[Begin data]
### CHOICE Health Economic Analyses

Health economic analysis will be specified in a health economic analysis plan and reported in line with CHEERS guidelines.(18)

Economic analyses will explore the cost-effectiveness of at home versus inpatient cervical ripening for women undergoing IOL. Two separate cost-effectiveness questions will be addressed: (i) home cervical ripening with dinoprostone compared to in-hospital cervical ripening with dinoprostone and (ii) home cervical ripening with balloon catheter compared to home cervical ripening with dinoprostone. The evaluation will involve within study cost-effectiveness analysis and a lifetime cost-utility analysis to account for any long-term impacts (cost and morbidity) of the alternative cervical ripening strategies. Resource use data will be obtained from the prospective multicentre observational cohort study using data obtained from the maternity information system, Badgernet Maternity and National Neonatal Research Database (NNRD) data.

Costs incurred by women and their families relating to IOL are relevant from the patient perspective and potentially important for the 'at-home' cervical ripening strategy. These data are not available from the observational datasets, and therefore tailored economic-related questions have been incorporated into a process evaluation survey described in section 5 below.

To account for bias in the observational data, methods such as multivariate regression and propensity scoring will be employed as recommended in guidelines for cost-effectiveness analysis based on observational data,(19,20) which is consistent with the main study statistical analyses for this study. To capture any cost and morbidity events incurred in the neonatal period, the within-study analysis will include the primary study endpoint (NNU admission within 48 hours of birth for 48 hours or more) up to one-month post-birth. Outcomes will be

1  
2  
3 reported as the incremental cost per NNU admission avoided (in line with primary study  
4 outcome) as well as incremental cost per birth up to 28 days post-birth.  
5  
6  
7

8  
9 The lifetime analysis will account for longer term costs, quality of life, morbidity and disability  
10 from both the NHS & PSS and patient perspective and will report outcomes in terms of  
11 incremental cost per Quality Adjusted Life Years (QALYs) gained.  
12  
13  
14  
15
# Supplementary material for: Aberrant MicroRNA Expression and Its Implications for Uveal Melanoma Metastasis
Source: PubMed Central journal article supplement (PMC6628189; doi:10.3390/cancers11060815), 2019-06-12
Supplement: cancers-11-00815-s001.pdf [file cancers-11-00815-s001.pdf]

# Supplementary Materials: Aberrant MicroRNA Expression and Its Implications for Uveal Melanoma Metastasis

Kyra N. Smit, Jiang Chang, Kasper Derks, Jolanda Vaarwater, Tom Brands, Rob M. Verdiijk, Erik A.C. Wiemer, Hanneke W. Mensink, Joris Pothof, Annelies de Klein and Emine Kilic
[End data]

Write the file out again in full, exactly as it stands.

### CHOICE Health Economic Analyses

Health economic analysis will be specified in a health economic analysis plan and reported in line with CHEERS guidelines.(18)

Economic analyses will explore the cost-effectiveness of at home versus inpatient cervical ripening for women undergoing IOL. Two separate cost-effectiveness questions will be addressed: (i) home cervical ripening with dinoprostone compared to in-hospital cervical ripening with dinoprostone and (ii) home cervical ripening with balloon catheter compared to home cervical ripening with dinoprostone. The evaluation will involve within study cost-effectiveness analysis and a lifetime cost-utility analysis to account for any long-term impacts (cost and morbidity) of the alternative cervical ripening strategies. Resource use data will be obtained from the prospective multicentre observational cohort study using data obtained from the maternity information system, Badgernet Maternity and National Neonatal Research Database (NNRD) data.

Costs incurred by women and their families relating to IOL are relevant from the patient perspective and potentially important for the 'at-home' cervical ripening strategy. These data are not available from the observational datasets, and therefore tailored economic-related questions have been incorporated into a process evaluation survey described in section 5 below.

To account for bias in the observational data, methods such as multivariate regression and propensity scoring will be employed as recommended in guidelines for cost-effectiveness analysis based on observational data,(19,20) which is consistent with the main study statistical analyses for this study. To capture any cost and morbidity events incurred in the neonatal period, the within-study analysis will include the primary study endpoint (NNU admission within 48 hours of birth for 48 hours or more) up to one-month post-birth. Outcomes will be

1  
2  
3 reported as the incremental cost per NNU admission avoided (in line with primary study  
4 outcome) as well as incremental cost per birth up to 28 days post-birth.  
5  
6  
7

8  
9 The lifetime analysis will account for longer term costs, quality of life, morbidity and disability  
10 from both the NHS & PSS and patient perspective and will report outcomes in terms of  
11 incremental cost per Quality Adjusted Life Years (QALYs) gained.  
12  
13  
14  
15
# Supplementary material for: Aberrant MicroRNA Expression and Its Implications for Uveal Melanoma Metastasis
Source: PubMed Central journal article supplement (PMC6628189; doi:10.3390/cancers11060815), 2019-06-12
Supplement: cancers-11-00815-s001.pdf [file cancers-11-00815-s001.pdf]

# Supplementary Materials: Aberrant MicroRNA Expression and Its Implications for Uveal Melanoma Metastasis

Kyra N. Smit, Jiang Chang, Kasper Derks, Jolanda Vaarwater, Tom Brands, Rob M. Verdiijk, Erik A.C. Wiemer, Hanneke W. Mensink, Joris Pothof, Annelies de Klein and Emine Kilic